• Panzerknacker - Tuesday, April 01, 2014 - link

    Way too high input lag, useless display tbh.

    I guess displays like this are for the niche market where people will buy it anyway to show off. There simply isnt much engineering behind a screen like this anway, they just slap a 4k panel and some electronics into a box and call it a 4k display. The many unacceptible flaws listed in this review prove this point.
    Reply
  • CSMR - Tuesday, April 01, 2014 - link

    The Windows dpi comments are exaggerated.

    This monitor is not ultra-high dpi. It is just high dpi. The 4k is just a good resolution for 32".

    150% is a suitable dpi setting in Windows for this monitor.

    People using this monitor will typically not be using it with other screens at the same time, or low res monitors. The typical uses will be as a single screen connected to a desktop, or to a laptop. 150% might also be suitable for a good laptop screen, say 1080p 13".

    Also most software has worked well with high dpi settings in Windows for several years.

    The only problem with windows is the lack of per-screen dpi but the extent to which this poses a problem with this screen is exaggerated. The pixel-war 4k resolutions for small screens, e.g. 24", are more likely pose a problem because they would require a dpi setting close to 200% which would be very inappropriate for most other screens.
    Reply
  • Penti - Tuesday, April 01, 2014 - link

    The problem is if you use this as the primary monitor in Windows with 150%, say your 27" 2560x1440 monitor that you run at 100% will be 150% bitmap scaled to 100% in Windows 8.1. If you choose you 100% screen as primary the results will be really disastrous. One screen will always look blurry and bad if you do not use the same scaling. Plenty of Microsoft's own software doesn't work decent with DPI-scaling and stuff like the browser ignores the native scaling and just scales by zooming. 24" 200% still produces some oddities even if it's your only screen. You can't really speak of any improvements here in Windows yet. OS X seems to do multiscreen better at least. Having different scaling on your laptop screen and external screen seems like a given to me. Reply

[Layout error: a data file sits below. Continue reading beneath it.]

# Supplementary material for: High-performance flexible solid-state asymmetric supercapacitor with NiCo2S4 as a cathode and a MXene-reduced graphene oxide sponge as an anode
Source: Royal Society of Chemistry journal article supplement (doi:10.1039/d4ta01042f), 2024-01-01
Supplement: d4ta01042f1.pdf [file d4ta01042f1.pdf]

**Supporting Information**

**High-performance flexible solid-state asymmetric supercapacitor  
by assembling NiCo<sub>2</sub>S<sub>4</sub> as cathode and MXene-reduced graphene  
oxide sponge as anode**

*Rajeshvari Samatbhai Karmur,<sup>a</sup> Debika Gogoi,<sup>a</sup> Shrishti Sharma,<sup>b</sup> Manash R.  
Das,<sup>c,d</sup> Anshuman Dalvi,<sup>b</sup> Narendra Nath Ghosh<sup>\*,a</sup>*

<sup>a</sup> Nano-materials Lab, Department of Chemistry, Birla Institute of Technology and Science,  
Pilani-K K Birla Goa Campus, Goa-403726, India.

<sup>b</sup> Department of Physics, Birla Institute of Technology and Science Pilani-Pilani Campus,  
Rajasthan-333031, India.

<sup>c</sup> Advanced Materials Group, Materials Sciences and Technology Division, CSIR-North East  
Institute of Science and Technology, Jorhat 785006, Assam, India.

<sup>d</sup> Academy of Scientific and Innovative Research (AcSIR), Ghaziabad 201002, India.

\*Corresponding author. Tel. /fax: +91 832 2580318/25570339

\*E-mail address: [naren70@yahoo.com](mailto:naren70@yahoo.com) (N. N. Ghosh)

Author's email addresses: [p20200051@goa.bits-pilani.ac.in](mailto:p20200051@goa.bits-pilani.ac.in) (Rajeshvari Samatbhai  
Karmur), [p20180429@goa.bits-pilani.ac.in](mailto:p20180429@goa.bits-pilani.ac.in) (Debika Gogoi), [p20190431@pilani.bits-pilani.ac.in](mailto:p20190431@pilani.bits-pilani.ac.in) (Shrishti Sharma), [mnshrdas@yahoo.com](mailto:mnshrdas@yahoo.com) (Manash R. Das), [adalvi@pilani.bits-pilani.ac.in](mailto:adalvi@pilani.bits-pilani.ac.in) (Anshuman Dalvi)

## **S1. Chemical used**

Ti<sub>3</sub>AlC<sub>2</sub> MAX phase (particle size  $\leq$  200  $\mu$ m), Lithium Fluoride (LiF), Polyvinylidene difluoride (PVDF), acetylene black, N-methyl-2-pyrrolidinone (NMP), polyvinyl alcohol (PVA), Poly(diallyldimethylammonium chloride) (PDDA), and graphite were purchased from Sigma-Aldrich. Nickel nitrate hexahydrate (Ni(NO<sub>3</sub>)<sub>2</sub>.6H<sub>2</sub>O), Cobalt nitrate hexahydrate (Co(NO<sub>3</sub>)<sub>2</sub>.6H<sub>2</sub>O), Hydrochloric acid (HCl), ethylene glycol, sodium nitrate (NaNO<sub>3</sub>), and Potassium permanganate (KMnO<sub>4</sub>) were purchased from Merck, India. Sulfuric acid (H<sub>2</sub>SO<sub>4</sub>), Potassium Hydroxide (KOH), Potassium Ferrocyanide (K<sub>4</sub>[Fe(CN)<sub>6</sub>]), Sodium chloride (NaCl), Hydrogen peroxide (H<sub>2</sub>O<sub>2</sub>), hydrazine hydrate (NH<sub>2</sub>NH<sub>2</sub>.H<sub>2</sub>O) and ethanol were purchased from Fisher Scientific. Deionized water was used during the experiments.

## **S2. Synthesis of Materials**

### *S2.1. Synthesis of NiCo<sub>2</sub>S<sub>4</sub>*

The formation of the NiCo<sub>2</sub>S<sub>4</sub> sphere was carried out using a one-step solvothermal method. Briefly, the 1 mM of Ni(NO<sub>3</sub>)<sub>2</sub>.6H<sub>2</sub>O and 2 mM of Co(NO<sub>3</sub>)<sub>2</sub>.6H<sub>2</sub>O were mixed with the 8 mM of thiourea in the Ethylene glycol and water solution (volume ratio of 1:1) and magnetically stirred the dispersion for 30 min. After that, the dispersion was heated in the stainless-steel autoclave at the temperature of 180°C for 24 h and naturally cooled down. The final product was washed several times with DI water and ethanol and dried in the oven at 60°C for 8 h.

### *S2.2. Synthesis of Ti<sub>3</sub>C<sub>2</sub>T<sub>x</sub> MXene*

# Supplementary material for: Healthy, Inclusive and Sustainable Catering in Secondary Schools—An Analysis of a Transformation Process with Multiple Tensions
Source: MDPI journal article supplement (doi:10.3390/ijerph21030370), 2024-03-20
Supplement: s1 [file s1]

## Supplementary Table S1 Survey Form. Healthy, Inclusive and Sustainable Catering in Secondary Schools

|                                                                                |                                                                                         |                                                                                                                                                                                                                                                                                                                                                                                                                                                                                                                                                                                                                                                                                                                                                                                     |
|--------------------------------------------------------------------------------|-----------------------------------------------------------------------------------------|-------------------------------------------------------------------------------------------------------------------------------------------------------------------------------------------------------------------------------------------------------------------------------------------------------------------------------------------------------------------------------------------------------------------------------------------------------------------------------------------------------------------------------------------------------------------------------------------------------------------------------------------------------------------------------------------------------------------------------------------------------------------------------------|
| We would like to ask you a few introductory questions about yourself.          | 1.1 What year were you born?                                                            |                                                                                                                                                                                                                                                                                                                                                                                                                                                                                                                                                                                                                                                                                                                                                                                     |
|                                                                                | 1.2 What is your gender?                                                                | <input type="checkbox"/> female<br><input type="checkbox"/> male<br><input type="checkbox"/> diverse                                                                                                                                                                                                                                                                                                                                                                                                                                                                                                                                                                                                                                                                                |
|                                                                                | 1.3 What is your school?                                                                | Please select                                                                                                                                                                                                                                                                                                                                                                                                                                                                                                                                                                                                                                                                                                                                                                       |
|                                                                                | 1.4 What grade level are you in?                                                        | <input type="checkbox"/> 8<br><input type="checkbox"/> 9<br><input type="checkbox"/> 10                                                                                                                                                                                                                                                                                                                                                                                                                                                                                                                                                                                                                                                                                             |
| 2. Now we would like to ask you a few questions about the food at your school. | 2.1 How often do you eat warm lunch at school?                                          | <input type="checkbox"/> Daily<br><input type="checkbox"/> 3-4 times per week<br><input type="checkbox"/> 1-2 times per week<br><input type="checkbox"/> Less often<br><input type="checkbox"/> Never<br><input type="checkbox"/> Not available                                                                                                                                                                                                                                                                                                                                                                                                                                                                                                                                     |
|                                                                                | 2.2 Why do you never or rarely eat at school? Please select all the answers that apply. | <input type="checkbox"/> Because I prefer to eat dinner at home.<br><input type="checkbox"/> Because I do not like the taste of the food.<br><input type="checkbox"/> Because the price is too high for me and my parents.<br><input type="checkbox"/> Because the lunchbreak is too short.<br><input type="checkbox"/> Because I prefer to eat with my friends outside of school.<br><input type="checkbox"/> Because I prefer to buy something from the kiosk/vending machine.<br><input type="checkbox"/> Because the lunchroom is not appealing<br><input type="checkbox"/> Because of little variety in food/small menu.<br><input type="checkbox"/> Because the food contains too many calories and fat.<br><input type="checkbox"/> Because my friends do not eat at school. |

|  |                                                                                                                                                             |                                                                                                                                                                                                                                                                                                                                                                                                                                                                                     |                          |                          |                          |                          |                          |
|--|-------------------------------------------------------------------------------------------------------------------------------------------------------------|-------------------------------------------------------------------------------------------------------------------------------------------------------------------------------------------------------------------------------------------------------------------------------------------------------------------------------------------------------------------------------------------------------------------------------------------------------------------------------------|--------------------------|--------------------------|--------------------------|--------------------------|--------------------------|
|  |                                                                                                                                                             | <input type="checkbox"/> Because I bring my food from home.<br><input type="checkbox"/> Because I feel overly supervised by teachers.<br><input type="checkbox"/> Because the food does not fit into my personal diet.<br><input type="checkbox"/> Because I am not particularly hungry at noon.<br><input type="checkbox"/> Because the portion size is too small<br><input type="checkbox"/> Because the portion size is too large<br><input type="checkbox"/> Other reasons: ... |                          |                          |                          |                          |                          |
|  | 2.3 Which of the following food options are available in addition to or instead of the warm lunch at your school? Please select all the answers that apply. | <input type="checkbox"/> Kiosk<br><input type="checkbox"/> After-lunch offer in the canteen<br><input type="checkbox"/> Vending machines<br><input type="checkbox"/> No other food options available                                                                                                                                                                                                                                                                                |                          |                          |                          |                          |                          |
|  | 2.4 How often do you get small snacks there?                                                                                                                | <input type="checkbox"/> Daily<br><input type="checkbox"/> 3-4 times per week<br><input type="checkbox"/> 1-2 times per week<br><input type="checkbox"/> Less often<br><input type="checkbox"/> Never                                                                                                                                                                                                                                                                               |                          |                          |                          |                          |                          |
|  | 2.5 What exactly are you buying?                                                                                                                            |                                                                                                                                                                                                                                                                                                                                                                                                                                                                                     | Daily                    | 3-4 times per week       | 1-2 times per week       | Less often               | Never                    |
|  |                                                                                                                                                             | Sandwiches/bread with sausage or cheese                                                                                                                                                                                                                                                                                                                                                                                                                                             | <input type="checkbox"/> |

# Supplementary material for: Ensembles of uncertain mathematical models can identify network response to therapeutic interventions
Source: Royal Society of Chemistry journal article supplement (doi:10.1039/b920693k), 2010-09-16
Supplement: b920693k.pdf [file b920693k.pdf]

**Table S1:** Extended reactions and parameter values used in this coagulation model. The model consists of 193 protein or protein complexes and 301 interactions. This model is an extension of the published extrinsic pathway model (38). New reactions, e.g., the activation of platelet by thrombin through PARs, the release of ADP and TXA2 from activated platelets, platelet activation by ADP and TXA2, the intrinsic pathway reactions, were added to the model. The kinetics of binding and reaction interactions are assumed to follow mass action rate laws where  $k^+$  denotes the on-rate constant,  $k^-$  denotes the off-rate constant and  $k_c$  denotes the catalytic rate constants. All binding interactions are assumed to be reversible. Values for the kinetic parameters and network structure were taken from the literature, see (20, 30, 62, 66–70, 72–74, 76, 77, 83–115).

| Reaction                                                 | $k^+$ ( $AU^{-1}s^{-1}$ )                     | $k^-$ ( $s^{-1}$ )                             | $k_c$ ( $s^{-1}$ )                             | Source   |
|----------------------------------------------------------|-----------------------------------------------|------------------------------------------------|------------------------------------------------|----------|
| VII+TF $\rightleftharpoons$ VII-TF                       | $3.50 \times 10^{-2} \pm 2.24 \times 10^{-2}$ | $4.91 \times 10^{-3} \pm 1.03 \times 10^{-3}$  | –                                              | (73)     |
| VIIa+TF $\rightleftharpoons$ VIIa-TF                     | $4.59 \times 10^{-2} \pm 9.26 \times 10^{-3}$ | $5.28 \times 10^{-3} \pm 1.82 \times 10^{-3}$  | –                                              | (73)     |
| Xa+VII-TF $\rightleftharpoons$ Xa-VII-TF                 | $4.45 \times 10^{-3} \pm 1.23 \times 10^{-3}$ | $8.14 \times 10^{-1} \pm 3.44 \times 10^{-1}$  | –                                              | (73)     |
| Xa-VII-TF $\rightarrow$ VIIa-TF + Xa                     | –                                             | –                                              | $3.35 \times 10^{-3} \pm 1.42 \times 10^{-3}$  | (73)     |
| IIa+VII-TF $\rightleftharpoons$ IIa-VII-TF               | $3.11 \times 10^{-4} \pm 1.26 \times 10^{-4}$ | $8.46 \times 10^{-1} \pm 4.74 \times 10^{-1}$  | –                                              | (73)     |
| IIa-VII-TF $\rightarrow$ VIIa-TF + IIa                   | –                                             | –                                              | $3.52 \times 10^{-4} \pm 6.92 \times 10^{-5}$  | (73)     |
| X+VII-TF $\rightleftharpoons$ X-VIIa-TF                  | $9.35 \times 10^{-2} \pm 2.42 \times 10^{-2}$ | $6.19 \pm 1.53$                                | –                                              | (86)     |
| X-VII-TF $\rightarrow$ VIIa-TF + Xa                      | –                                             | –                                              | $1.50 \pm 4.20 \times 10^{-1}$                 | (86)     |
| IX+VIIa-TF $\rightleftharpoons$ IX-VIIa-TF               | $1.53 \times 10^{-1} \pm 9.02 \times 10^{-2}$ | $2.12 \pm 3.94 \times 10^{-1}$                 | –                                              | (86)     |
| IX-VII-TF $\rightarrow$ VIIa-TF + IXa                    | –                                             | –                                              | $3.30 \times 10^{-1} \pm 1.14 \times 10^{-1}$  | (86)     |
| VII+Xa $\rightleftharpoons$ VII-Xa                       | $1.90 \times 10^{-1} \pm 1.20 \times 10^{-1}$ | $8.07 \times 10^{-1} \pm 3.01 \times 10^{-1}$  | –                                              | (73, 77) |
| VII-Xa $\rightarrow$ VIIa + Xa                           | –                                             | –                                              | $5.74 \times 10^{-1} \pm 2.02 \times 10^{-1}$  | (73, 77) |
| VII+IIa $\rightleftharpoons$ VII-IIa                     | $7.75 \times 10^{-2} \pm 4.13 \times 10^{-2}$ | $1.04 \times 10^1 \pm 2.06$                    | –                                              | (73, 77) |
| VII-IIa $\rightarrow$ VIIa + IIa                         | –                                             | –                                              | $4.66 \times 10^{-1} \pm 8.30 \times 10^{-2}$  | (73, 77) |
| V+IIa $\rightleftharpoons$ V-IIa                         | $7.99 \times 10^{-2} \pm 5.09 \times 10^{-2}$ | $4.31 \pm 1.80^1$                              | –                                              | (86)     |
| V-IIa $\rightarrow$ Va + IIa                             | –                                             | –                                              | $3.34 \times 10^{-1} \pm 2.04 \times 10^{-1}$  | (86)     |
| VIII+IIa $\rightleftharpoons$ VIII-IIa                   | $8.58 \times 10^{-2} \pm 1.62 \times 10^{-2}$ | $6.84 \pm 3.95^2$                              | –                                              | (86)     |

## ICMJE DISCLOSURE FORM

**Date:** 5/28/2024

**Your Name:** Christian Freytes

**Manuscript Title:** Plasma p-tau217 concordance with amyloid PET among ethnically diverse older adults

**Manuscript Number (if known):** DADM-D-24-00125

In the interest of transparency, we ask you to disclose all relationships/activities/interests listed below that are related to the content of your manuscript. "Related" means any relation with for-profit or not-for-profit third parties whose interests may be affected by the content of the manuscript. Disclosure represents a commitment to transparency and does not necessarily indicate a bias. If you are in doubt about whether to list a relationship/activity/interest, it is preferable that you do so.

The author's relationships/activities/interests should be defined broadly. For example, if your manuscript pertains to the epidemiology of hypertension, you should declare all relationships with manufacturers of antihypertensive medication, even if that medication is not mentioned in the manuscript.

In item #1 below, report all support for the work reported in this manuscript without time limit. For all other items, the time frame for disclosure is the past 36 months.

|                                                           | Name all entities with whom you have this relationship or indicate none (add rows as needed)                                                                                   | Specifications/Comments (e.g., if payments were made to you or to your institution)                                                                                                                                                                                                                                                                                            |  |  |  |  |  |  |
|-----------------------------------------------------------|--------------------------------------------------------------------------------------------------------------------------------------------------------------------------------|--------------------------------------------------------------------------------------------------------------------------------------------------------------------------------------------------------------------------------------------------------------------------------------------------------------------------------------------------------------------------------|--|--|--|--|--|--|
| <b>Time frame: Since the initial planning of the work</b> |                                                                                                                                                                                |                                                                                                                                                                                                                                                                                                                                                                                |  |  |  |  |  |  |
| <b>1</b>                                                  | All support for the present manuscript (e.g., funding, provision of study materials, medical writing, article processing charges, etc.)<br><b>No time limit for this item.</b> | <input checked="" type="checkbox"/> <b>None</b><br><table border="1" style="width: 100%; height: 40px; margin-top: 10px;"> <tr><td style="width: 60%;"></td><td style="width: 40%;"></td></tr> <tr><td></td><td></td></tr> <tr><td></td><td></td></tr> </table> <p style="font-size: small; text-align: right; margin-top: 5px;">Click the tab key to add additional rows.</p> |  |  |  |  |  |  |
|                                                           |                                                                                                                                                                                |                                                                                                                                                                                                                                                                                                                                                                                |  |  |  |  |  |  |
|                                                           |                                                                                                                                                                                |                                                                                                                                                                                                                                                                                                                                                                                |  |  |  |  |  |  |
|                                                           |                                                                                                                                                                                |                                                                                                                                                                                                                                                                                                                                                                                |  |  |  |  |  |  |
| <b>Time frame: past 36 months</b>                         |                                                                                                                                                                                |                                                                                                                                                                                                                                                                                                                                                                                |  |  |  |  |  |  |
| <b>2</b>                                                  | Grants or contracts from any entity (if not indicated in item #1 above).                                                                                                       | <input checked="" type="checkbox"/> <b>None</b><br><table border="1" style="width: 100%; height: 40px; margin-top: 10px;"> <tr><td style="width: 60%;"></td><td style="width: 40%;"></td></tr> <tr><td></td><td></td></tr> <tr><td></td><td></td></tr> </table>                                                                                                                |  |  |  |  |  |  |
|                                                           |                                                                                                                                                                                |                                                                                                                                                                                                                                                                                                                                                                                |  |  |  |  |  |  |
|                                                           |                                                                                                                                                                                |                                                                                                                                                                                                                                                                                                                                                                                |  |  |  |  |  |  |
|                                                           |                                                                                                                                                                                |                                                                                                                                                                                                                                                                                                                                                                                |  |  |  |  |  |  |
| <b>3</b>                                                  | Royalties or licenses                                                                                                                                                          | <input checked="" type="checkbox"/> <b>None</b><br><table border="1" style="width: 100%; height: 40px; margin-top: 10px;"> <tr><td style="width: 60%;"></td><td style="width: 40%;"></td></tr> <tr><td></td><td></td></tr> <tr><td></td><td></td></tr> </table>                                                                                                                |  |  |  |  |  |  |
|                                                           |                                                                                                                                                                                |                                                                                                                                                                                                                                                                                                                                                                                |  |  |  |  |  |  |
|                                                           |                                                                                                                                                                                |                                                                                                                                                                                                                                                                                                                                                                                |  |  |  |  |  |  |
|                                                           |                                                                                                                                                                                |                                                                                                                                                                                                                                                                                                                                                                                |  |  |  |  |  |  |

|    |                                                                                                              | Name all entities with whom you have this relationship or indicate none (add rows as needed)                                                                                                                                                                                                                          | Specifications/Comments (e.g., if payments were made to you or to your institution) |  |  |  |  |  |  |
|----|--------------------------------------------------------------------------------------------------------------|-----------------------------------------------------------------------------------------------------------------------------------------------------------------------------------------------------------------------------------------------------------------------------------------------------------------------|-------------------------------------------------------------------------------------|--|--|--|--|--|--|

• CSMR - Tuesday, April 01, 2014 - link

    I agree that this is a problem in principle, but not so much here because:

    - Using 32" and 27" is unlikely given the size of screens. (And using non-identical dual screens is not recommended anyway because of differing color profiles needed anyway.)

    - 27" 1440p is quite high dpi. So if 150% is preferable for this monitor then 125% is preferable for 27". So you'd end up with things only slightly too large on the 27".

    Coping well with screens at different dpis should be done but it is quite challenging for OSes and software and will take many years.

    A gradual increase in dpi (as in this Dell) is the best approach at the moment IMO.
    Reply
  • Hxx - Tuesday, April 01, 2014 - link

    hey Chris, other reviewers found input lag to be less than 20ms. How come your results are so skewed? Aren't you suppose to use the best setting to test this? Why are u testing at a non native resolution? TBH you're better off not testing for it. Reply
  • BinaryTB - Tuesday, April 01, 2014 - link

    He already mentioned why he's testing at non-native resolution, because most graphics cards (even the higher end ones), can't drive all games at high settings at a 4k resolution.

    Makes sense to me, if I'm going to be playing at <4k resolution, that's where I want the input lag tested.
    Reply
  • apertotes - Tuesday, April 01, 2014 - link

    there are many games that can perfectly be played at native resolution, like Civ 5, or FIFA, or WoW, or any 2/3 years old game. Also, he used HDMI at 30 hz instead of DP at 60 hz.

    I do not see the point of giving figures if they are not the best the monitor can do.
    Reply